EPFL biophysicists have been able to directly study the way bacteria move on surfaces, revealing a molecular machinery reminiscent of motor reflexes.
Do bacteria control their "walks" like we do? It might sound strange, but it’s a fundamental question. Understanding bacteria motility would not only expand our understanding of their behavior, but would also help us fight certain aggressive pathogens. However, the question has gone unanswered because microbiologists have lacked the tools to visualize bacterial filaments directly.
Until now, that is. Lorenzo Talą, a PhD student in the lab of Alexandre Persat at EPFL’s Institutes of Bioengineering and Global Health has developed a microscopy method that can directly observe the structures many bacteria use to crawl.
"Bacterial surfaces are decorated with protein filaments involved in motility, adhesion, signaling and pathogenicity, which ultimately rule how bacteria interact with their environments," says Talą. "However, they are so small that observing them in live cells is extremely complex. So we are left with little knowledge of their dynamic activities."
This is especially true for structures known as "type IV pili": nanometer-wide filaments that extend and retract from the surface of many bacteria, helping them walk in a way known as "twitching motility" . The term might not sound very serious, but it mechanically activates virulence in certain pathogens - meaning that it is a prime target for fighting them.
Anatomy of a bacterium, with pili covering its surface (credit: jack0m/iStockphoto)
The scientists studied the bacterium Pseudomonas aeruginosa , an opportunistic pathogen that is commonly found in soil. It is one of the most medically concerning bacteria: a leading cause of hospital-acquired infections and of serious infections in cystic fibrosis, traumatic burns, and immunocompromised patients, it is now ranked #1 in the World Health Organization’s antibiotic resistant watch-list.
But do single bacteria orchestrate type IV pili motion to power their motility? "In our studies of type IV pili and mechano-activation of virulence in Pseudomonas aeruginosa , one technical paradox has been a source of frustration: pili, but also fimbriae, flagella, and injection systems permanently extend outside single cells, so why can’t we directly visualize them?" asks Talą.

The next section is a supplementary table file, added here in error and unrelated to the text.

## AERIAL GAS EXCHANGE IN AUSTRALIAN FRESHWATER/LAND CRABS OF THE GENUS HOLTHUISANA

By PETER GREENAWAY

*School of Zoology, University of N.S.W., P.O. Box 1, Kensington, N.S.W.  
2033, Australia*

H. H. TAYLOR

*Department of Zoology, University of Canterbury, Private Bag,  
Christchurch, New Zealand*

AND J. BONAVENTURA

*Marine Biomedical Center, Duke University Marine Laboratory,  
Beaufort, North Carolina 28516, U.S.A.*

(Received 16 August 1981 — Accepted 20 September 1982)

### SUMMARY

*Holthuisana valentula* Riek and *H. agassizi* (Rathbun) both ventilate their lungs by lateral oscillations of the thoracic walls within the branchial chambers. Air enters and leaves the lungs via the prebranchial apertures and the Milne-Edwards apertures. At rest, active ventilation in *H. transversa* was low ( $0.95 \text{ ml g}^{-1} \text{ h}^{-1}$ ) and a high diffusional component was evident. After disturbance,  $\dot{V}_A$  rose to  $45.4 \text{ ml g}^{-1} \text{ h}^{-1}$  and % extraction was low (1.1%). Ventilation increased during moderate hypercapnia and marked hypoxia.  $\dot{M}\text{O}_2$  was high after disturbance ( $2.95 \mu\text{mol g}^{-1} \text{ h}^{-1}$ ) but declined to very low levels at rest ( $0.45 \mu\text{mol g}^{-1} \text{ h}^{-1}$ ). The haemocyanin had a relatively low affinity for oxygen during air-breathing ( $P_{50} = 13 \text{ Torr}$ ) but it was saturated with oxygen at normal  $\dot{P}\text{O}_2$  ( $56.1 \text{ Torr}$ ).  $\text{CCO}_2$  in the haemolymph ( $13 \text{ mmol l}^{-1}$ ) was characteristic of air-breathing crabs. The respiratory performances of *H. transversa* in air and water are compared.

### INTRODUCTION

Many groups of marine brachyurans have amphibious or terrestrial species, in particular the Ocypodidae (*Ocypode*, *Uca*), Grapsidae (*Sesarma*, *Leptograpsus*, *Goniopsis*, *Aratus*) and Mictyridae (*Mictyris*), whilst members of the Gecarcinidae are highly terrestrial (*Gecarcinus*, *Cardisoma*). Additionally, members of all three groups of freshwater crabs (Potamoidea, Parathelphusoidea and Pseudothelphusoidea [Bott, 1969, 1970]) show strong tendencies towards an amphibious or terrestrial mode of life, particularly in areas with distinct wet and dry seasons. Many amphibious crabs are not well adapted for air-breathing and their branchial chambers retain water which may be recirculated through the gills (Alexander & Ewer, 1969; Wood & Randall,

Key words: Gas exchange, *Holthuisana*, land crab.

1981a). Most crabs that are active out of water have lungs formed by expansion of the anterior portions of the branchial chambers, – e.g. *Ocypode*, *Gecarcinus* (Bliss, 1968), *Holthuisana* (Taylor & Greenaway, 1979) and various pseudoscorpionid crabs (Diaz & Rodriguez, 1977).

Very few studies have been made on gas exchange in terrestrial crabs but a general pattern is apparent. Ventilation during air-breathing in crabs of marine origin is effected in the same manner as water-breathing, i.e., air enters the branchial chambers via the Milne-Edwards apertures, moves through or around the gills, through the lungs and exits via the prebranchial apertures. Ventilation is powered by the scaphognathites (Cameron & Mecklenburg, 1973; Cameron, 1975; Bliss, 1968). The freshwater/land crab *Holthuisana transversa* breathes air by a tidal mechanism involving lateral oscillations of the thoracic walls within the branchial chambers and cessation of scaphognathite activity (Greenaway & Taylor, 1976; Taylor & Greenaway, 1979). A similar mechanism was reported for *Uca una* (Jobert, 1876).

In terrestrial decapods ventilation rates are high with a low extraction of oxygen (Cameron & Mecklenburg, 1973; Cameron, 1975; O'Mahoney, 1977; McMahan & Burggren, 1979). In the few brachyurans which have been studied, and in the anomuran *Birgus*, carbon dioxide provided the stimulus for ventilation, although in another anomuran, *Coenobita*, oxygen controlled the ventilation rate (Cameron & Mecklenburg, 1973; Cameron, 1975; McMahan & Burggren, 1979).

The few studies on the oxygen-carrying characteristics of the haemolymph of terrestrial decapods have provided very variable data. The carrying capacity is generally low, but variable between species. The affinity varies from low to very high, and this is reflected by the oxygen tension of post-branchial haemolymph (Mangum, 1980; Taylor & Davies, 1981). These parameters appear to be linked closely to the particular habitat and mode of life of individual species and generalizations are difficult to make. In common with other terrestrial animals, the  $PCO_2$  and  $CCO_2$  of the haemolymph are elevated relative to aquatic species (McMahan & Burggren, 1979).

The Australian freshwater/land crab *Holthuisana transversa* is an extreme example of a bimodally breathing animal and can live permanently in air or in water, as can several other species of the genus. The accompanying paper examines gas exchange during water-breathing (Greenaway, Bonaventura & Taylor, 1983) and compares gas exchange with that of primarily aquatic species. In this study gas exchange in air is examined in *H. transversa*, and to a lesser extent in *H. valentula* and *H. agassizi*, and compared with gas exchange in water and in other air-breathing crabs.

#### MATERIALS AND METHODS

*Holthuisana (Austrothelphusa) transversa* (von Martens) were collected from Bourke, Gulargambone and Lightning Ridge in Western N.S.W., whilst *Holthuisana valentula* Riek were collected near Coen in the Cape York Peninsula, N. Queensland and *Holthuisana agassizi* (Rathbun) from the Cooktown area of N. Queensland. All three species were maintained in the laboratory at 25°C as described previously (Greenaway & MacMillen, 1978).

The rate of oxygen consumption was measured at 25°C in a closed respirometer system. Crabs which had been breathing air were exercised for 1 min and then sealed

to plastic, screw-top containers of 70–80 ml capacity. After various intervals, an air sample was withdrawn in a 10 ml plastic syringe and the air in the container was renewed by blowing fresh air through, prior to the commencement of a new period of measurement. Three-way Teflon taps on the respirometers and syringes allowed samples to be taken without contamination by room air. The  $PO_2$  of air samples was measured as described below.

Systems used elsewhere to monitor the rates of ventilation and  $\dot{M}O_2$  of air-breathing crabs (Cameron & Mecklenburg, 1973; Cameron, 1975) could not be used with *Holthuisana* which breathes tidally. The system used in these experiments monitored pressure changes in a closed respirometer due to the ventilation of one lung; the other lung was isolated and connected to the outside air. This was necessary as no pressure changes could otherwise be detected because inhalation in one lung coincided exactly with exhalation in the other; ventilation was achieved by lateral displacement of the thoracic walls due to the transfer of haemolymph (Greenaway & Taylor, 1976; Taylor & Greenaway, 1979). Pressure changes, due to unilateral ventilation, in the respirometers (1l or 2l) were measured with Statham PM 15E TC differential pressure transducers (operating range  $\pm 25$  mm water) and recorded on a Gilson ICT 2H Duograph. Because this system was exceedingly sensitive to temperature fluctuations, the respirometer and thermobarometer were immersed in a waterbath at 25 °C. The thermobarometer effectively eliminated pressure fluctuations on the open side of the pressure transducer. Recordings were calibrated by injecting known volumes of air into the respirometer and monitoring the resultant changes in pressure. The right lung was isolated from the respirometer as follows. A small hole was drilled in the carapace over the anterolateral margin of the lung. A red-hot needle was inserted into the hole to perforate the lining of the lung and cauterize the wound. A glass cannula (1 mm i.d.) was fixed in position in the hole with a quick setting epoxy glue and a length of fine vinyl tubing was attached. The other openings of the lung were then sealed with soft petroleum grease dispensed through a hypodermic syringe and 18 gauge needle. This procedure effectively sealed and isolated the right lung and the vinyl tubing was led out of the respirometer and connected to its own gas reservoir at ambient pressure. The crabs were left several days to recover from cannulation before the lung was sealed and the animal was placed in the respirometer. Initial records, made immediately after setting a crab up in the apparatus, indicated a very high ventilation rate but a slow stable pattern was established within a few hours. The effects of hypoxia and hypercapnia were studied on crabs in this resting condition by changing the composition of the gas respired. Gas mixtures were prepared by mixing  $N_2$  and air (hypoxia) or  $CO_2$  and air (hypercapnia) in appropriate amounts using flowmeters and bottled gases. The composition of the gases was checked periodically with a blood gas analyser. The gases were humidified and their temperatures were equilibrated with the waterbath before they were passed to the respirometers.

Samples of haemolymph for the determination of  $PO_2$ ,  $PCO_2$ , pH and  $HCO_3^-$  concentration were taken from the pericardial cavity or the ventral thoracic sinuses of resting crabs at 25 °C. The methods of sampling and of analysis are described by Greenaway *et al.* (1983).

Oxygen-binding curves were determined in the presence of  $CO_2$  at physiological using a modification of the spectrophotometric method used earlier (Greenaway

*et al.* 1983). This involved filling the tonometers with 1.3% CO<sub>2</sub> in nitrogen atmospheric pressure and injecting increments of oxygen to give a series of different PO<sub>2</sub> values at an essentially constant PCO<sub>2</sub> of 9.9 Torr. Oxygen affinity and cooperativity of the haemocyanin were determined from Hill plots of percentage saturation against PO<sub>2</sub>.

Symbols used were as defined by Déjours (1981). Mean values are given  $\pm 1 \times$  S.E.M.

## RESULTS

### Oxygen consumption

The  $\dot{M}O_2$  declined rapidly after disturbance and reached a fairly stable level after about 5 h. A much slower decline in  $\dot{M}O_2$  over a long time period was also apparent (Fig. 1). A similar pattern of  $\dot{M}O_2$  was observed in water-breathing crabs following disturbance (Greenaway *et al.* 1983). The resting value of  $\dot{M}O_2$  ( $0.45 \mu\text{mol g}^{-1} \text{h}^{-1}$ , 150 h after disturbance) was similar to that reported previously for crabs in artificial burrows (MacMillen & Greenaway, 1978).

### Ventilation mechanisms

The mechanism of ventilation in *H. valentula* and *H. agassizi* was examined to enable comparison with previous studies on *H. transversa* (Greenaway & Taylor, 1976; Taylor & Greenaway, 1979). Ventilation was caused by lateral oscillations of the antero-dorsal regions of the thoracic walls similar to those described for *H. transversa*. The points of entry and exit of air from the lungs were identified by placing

To overcome this, the scientists explored an emerging microscopy method pioneered by their collaborator Philipp Kukura at Oxford University. Using a technique called interferometric scattering microscopy (iSCAT), they were able to see these nanometers-wide filaments in live cells, without any chemical labels, at high speed, and in three dimensions.
"iSCAT represents a major technological advance in microbiology," says Persat. "We recently described the visualization technique and received extensive positive feedback among scientists across a variety of disciplines simply because we could finally dynamically observe pili in live bacteria straight out of culture."
To understand the coordination of type IV pili movements, the scientists focused on precisely timing the succession of surface attachment, retraction, and cell body displacements using iSCAT. The approach revealed three key events that lead to successful and energetically efficient movement across surfaces.
First, contact of the pilus tip with the surface activates a molecular motor that initiates retraction. Second, this retraction enhances the attachment of the pilus to the surface, increasing the bacterium’s displacement. Finally, a second, stronger molecular motor enforces the bacterium’s displacement under high friction.
This sequence shows that pili act as sensors, and reveals a new mechanism by which bacteria interact with surfaces. It also reveals that bacteria use sensory mechanisms to coordinate the dynamic motion of their motility machineries, in a striking analogy to the way higher organisms, including humans, move their limbs to generate displacement.
"The human central nervous system processes mechanosensory signals to sequentially engage motor components, thus triggering muscle contraction and resulting in gait," explains Talą. "Our work shows that in the same manner, bacteria use a sense of touch to sequentially engage molecular motors, generating cycles of pili extension and retraction that result in a walk pattern."
University of Oxford